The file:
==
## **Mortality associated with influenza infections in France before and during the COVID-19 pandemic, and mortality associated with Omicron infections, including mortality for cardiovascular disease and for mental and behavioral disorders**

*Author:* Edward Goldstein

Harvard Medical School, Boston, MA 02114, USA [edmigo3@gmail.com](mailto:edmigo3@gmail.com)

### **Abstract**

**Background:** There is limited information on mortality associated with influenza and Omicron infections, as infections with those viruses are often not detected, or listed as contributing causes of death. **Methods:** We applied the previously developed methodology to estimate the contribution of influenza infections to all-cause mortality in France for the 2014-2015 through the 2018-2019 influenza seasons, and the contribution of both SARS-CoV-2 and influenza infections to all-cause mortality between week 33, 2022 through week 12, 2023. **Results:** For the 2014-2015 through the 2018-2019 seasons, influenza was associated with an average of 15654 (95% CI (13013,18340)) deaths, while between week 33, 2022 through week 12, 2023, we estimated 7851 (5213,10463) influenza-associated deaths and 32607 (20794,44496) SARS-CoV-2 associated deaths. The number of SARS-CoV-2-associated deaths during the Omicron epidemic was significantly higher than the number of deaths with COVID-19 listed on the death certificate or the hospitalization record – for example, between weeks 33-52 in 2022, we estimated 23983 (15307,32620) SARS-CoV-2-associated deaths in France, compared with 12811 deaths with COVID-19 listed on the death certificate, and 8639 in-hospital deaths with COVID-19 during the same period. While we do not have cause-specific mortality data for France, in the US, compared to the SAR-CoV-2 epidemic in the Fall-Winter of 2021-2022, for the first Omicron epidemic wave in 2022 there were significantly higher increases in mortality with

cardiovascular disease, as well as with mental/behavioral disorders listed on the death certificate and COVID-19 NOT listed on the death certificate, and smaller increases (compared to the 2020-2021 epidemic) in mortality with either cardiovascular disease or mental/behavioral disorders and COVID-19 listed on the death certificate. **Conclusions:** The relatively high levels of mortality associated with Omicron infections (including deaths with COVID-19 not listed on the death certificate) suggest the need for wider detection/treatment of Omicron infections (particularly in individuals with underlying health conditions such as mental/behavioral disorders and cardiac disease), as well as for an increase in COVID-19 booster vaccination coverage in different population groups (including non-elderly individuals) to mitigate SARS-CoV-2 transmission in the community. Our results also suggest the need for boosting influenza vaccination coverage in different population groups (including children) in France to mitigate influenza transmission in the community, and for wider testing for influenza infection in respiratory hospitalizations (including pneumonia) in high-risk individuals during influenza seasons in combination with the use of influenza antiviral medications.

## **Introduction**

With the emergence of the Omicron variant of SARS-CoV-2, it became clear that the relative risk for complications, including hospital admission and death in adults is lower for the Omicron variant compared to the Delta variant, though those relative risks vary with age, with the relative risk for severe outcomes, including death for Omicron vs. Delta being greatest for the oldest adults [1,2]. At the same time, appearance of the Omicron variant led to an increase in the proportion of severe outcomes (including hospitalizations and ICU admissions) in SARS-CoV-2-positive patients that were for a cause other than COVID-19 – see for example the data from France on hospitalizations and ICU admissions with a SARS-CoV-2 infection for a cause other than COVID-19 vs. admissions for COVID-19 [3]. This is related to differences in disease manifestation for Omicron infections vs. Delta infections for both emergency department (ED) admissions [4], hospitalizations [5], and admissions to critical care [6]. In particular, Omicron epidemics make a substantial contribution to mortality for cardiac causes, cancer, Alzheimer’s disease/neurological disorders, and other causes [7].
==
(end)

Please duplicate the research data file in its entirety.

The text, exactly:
## **Mortality associated with influenza infections in France before and during the COVID-19 pandemic, and mortality associated with Omicron infections, including mortality for cardiovascular disease and for mental and behavioral disorders**

*Author:* Edward Goldstein

Harvard Medical School, Boston, MA 02114, USA [edmigo3@gmail.com](mailto:edmigo3@gmail.com)

### **Abstract**

**Background:** There is limited information on mortality associated with influenza and Omicron infections, as infections with those viruses are often not detected, or listed as contributing causes of death. **Methods:** We applied the previously developed methodology to estimate the contribution of influenza infections to all-cause mortality in France for the 2014-2015 through the 2018-2019 influenza seasons, and the contribution of both SARS-CoV-2 and influenza infections to all-cause mortality between week 33, 2022 through week 12, 2023. **Results:** For the 2014-2015 through the 2018-2019 seasons, influenza was associated with an average of 15654 (95% CI (13013,18340)) deaths, while between week 33, 2022 through week 12, 2023, we estimated 7851 (5213,10463) influenza-associated deaths and 32607 (20794,44496) SARS-CoV-2 associated deaths. The number of SARS-CoV-2-associated deaths during the Omicron epidemic was significantly higher than the number of deaths with COVID-19 listed on the death certificate or the hospitalization record – for example, between weeks 33-52 in 2022, we estimated 23983 (15307,32620) SARS-CoV-2-associated deaths in France, compared with 12811 deaths with COVID-19 listed on the death certificate, and 8639 in-hospital deaths with COVID-19 during the same period. While we do not have cause-specific mortality data for France, in the US, compared to the SAR-CoV-2 epidemic in the Fall-Winter of 2021-2022, for the first Omicron epidemic wave in 2022 there were significantly higher increases in mortality with

cardiovascular disease, as well as with mental/behavioral disorders listed on the death certificate and COVID-19 NOT listed on the death certificate, and smaller increases (compared to the 2020-2021 epidemic) in mortality with either cardiovascular disease or mental/behavioral disorders and COVID-19 listed on the death certificate. **Conclusions:** The relatively high levels of mortality associated with Omicron infections (including deaths with COVID-19 not listed on the death certificate) suggest the need for wider detection/treatment of Omicron infections (particularly in individuals with underlying health conditions such as mental/behavioral disorders and cardiac disease), as well as for an increase in COVID-19 booster vaccination coverage in different population groups (including non-elderly individuals) to mitigate SARS-CoV-2 transmission in the community. Our results also suggest the need for boosting influenza vaccination coverage in different population groups (including children) in France to mitigate influenza transmission in the community, and for wider testing for influenza infection in respiratory hospitalizations (including pneumonia) in high-risk individuals during influenza seasons in combination with the use of influenza antiviral medications.

## **Introduction**

With the emergence of the Omicron variant of SARS-CoV-2, it became clear that the relative risk for complications, including hospital admission and death in adults is lower for the Omicron variant compared to the Delta variant, though those relative risks vary with age, with the relative risk for severe outcomes, including death for Omicron vs. Delta being greatest for the oldest adults [1,2]. At the same time, appearance of the Omicron variant led to an increase in the proportion of severe outcomes (including hospitalizations and ICU admissions) in SARS-CoV-2-positive patients that were for a cause other than COVID-19 – see for example the data from France on hospitalizations and ICU admissions with a SARS-CoV-2 infection for a cause other than COVID-19 vs. admissions for COVID-19 [3]. This is related to differences in disease manifestation for Omicron infections vs. Delta infections for both emergency department (ED) admissions [4], hospitalizations [5], and admissions to critical care [6]. In particular, Omicron epidemics make a substantial contribution to mortality for cardiac causes, cancer, Alzheimer’s disease/neurological disorders, and other causes [7].